How to Negotiate a Commercial Lease

Are you in business or want to go into business? Need a space to sell your product or meet potential clients? Then you will need to know how to negotiate a commercial lease. Commercial leases are different than residential leases as the parties to the lease have different interests, needs and expectations.

Here's how to negotiate a commercial lease.

Understand the Bigger Picture
To effectively negotiate a commercial lease you need to know and understand the bigger picture of how the lease terms impact the business. A lease is a large, fixed, monthly expense that will impact the bottom line. That means it can add or detract from your income. Before you should negotiate a commercial lease you should have a profit and loss statement for at least the anticipated first year's business. More typically you will want to have several prepared based on the best case, worst case and most likely performance. With this you can see how your occupancy costs impact your profit margins. Do not fall into the trap of basing what you can afford on the performance three year's out. This projecting future potential is a method designed to justify bad business decisions. Things can and do happen and you must be able to weather prolonged weak performance.

Improve Your Communication Skills
Filters are the impediments to clear understanding of the spoken word. Every individual has his or her own filters that change what someone else says. When dealing with a company or corporation which may own a commercial property each person within that organization has their own set of filters. The owner of the commercial property is likely not the person you are dealing with when negotiating a commercial lease. Assuming that you are dealing with the landlord's broker or property manager or leasing agent your verbal proposal will never get to the actual owner or decision maker without a change in the message. The best way to avoid misunderstanding or intentional misdirection is to always put your proposals in writing. And require a response to include the original offer as an attachment. This is your best chance of making sure the decision maker has had the opportunity to hear your message first hand.

Establish the Value You Have to Offer
When negotiating a commercial lease the monetary aspect of the the transaction are far less important than in a residential negotiation. Too often prospective tenants approach landlords focused on the rent when the landlord is more interested in the financial stability of the tenant and the tenant's contribution too the shopping center. Landlords will willingly extract as much money as possible if the tenant is not knowledgable enough to know the other attributes he or she may have to offer. To properly negotiate a commercial lease the tenant must appreciate the available commodities that enhance the tenant's occupancy to the landlord. These possible commoditis may include a unique or complimentary use, a strong balance sheet, a large personal guarantee, the prospect of multiple transactions with the tenant, a strong advertising campaign that will bring more traffic to the shopping center, and the potential of increasing the rent value of the adjacent spaces. This value oriented approach, also considered the whole pie negotiating strategy, may help keep the rent below market even though others are offering more.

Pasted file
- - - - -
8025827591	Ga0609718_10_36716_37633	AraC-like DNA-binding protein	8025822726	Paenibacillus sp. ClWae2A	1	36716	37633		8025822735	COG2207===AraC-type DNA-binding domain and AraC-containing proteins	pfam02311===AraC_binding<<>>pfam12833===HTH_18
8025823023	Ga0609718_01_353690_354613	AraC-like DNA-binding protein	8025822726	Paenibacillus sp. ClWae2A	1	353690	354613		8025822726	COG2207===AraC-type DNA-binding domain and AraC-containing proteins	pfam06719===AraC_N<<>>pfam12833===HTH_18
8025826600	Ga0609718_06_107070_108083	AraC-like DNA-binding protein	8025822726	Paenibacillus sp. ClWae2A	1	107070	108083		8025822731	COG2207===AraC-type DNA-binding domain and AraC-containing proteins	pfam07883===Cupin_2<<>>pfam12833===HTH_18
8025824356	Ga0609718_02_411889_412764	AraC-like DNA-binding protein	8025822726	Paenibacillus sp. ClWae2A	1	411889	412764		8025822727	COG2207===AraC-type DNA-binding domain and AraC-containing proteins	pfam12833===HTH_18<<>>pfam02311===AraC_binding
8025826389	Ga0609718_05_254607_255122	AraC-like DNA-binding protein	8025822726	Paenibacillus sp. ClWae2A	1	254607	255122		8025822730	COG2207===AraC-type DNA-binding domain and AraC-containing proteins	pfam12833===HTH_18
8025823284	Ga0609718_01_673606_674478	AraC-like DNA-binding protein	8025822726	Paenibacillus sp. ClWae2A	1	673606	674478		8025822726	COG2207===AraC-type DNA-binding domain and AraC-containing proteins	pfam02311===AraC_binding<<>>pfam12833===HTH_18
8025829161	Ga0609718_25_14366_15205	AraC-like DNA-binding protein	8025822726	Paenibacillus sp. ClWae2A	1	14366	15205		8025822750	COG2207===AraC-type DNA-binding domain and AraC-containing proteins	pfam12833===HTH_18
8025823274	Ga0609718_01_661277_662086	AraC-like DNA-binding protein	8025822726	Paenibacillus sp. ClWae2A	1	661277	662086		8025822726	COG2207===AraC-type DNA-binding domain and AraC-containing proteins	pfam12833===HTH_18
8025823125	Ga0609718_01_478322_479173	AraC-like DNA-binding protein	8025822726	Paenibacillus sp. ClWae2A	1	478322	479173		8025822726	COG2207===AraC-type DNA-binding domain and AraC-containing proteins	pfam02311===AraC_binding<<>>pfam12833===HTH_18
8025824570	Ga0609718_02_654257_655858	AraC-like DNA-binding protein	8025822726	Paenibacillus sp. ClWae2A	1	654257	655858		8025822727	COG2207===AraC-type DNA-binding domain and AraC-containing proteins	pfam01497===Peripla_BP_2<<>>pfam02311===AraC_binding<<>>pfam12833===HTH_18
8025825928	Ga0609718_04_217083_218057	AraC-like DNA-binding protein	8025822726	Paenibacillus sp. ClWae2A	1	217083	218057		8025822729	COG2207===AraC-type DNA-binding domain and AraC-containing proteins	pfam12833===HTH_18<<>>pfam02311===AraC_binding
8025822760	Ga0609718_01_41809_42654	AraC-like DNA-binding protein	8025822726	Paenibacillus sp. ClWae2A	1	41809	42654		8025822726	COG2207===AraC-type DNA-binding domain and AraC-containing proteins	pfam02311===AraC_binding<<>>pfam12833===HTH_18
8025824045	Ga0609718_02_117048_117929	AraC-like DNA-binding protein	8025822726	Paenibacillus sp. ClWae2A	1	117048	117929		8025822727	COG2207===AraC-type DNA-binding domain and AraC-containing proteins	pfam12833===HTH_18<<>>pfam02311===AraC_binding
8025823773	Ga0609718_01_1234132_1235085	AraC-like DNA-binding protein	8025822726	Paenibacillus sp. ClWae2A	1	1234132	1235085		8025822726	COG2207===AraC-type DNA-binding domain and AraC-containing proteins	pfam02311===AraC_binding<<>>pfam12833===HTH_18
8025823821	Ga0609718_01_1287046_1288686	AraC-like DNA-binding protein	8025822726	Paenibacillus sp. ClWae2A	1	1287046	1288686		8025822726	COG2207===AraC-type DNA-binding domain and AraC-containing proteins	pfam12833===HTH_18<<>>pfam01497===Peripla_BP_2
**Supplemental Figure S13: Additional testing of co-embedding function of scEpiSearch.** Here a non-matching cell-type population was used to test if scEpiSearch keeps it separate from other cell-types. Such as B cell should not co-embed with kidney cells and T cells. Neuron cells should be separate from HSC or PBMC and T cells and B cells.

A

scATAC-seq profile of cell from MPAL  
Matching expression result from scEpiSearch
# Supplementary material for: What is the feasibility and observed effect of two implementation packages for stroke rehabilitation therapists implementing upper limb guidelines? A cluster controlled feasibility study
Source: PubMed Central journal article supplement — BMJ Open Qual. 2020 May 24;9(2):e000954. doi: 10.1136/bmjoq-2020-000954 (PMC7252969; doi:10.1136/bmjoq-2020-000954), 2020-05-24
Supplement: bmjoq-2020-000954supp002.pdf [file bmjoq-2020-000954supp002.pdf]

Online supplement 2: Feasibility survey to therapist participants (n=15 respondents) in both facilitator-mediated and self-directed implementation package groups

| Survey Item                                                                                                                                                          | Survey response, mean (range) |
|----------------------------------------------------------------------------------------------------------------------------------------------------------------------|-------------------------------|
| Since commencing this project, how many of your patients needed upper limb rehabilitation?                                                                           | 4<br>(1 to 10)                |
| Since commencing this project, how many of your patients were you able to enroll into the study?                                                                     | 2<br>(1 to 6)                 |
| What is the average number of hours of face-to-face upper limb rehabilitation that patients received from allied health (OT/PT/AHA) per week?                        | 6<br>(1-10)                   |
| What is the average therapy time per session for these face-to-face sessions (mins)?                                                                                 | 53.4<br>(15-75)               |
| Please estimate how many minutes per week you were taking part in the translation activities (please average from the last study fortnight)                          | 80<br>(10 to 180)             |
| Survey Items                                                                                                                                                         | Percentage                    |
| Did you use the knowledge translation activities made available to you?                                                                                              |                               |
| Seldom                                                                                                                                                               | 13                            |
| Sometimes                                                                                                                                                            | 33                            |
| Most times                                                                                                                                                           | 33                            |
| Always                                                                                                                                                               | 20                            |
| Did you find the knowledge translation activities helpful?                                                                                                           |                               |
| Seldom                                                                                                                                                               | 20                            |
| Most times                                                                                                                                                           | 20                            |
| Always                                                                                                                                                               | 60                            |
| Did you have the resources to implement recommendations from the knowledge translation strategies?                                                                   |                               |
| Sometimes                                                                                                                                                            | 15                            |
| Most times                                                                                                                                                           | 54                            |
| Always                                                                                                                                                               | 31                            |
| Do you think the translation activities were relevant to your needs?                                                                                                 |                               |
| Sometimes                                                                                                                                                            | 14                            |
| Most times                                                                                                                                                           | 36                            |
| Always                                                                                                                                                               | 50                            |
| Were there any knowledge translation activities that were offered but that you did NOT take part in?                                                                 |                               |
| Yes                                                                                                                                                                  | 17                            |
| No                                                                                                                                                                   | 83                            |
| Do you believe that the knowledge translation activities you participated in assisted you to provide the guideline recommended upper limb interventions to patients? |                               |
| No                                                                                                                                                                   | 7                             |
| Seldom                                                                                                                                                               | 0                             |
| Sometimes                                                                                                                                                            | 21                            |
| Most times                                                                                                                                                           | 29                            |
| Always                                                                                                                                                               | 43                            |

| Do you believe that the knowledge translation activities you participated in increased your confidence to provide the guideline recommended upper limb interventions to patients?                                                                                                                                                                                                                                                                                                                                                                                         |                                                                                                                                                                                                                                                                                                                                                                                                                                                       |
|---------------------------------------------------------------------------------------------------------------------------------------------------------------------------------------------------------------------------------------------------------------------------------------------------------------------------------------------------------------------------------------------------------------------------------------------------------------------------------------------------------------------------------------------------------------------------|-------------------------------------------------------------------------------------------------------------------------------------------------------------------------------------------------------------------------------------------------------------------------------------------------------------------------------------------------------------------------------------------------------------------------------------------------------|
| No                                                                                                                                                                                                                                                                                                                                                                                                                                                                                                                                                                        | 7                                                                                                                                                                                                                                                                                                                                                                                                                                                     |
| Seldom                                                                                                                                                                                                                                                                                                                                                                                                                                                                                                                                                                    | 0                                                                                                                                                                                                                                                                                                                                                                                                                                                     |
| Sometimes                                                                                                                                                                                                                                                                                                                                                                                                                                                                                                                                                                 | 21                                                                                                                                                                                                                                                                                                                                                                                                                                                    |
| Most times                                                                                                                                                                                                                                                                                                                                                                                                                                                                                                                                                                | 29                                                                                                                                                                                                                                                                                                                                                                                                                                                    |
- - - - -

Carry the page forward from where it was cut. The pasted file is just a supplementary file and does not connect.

Develop Your Power Base When Negotiating a Commercial Lease
Landlords like to think they have the best site in the area. Prospective tenants can balance the power in the negotiation by:

  • Demonstrating knowledge of the city and its approval process by sharing prior experiences with the city and noting the professionals available to expedite the permitting process.
  • Revealing the investment the tenant will be making in the premises and how the improvements may benefit the landlord.
  • Discussing alternate locations you are considering and demonstrating you have choices when it comes down to picking a site.
  • Selling yourself as the right person with whom the other person should be negotiating. Indicate that it is you, not a cororate flunbky, who will do everything possible to gain city approval and follow through on the buildout of the premises.

Sell Yourself
The most important commodity you bring to the table is you. Assure the landlord that you consider success in the location as important to your reputation and that you are committed to making the business a success whatever it takes. Your conviction, passion and vision will translate as a compelling argument to give your proposal more merit with the landlord.